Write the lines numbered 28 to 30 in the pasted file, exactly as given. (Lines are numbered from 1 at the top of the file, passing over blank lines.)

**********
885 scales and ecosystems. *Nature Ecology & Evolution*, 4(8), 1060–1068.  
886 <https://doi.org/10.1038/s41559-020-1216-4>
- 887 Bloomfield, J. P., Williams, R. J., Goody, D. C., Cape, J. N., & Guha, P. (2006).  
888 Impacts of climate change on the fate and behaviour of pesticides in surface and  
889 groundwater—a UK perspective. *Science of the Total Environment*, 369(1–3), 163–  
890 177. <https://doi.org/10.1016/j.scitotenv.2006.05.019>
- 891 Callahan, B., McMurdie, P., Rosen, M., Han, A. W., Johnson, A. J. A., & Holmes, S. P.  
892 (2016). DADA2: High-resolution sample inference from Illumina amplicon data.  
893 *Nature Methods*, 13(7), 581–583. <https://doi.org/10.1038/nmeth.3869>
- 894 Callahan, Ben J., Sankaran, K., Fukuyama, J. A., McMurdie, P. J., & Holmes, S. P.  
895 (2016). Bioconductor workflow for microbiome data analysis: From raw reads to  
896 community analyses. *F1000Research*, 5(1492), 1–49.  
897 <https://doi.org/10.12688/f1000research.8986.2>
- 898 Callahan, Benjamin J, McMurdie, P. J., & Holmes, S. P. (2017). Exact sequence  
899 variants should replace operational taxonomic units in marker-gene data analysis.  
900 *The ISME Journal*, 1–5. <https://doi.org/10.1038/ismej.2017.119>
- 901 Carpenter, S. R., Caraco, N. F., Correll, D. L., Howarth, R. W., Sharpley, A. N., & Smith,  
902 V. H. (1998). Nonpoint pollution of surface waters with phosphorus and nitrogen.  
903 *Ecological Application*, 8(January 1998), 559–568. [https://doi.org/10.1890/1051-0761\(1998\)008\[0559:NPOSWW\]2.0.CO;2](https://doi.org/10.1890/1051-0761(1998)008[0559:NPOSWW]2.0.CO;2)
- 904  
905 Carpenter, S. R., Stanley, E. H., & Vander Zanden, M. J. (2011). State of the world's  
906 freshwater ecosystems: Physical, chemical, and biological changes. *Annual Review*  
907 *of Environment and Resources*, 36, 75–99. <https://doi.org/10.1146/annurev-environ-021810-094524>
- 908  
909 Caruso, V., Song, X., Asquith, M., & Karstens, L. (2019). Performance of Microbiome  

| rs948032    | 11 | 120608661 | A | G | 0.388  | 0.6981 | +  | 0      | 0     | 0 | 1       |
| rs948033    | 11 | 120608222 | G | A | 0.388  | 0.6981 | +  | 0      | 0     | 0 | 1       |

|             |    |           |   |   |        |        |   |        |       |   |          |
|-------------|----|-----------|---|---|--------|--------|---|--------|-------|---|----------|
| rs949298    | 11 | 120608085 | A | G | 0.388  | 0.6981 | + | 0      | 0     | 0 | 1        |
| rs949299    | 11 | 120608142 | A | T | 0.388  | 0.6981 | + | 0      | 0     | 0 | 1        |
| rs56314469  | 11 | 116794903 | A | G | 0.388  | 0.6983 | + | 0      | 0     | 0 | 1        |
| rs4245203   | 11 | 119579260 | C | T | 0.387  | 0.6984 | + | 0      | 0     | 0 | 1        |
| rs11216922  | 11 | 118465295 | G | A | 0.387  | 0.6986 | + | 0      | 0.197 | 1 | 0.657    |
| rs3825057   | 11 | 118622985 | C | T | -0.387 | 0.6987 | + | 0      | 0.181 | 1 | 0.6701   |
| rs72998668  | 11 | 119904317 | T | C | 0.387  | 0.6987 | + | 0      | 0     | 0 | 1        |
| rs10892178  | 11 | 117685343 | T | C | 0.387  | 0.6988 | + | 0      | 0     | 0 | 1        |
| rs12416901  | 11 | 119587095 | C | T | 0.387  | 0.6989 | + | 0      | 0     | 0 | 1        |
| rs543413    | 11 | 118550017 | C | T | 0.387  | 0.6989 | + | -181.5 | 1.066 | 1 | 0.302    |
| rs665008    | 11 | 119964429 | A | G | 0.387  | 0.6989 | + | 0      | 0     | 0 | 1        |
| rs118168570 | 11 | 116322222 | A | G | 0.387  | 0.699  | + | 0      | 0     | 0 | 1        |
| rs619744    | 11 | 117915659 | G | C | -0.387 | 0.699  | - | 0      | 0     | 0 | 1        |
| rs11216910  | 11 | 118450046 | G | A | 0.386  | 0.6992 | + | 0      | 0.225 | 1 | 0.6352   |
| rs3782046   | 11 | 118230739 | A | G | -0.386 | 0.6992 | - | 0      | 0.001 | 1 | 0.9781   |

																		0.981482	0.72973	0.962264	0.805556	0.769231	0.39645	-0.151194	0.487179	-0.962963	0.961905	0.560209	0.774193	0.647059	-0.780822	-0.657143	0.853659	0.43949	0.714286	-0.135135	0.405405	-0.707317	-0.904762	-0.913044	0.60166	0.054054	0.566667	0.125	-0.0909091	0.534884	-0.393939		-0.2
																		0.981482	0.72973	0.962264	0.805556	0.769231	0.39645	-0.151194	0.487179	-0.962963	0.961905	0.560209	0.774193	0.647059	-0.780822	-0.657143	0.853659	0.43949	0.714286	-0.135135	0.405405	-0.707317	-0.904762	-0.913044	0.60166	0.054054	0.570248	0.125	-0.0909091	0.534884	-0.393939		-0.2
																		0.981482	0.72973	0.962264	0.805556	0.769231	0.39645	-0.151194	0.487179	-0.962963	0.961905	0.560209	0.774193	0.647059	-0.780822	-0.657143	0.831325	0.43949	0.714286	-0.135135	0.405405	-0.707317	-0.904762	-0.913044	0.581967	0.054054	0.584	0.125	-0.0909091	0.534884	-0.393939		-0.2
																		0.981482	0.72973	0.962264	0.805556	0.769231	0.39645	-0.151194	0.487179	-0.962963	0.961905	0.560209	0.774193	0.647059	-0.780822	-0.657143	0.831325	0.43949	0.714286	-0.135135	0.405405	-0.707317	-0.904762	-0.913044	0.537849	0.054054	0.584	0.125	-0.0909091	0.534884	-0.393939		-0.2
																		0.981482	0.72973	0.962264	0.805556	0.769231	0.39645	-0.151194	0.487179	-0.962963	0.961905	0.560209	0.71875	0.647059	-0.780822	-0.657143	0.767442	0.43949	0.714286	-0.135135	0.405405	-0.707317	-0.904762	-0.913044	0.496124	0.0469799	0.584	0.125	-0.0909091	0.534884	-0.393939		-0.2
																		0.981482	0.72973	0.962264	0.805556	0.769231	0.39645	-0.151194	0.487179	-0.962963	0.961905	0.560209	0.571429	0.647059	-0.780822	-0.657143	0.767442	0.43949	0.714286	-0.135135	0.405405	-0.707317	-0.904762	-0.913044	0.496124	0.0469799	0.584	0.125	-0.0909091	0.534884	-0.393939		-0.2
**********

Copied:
|             |    |           |   |   |        |        |   |        |       |   |          |
|-------------|----|-----------|---|---|--------|--------|---|--------|-------|---|----------|
| rs949298    | 11 | 120608085 | A | G | 0.388  | 0.6981 | + | 0      | 0     | 0 | 1        |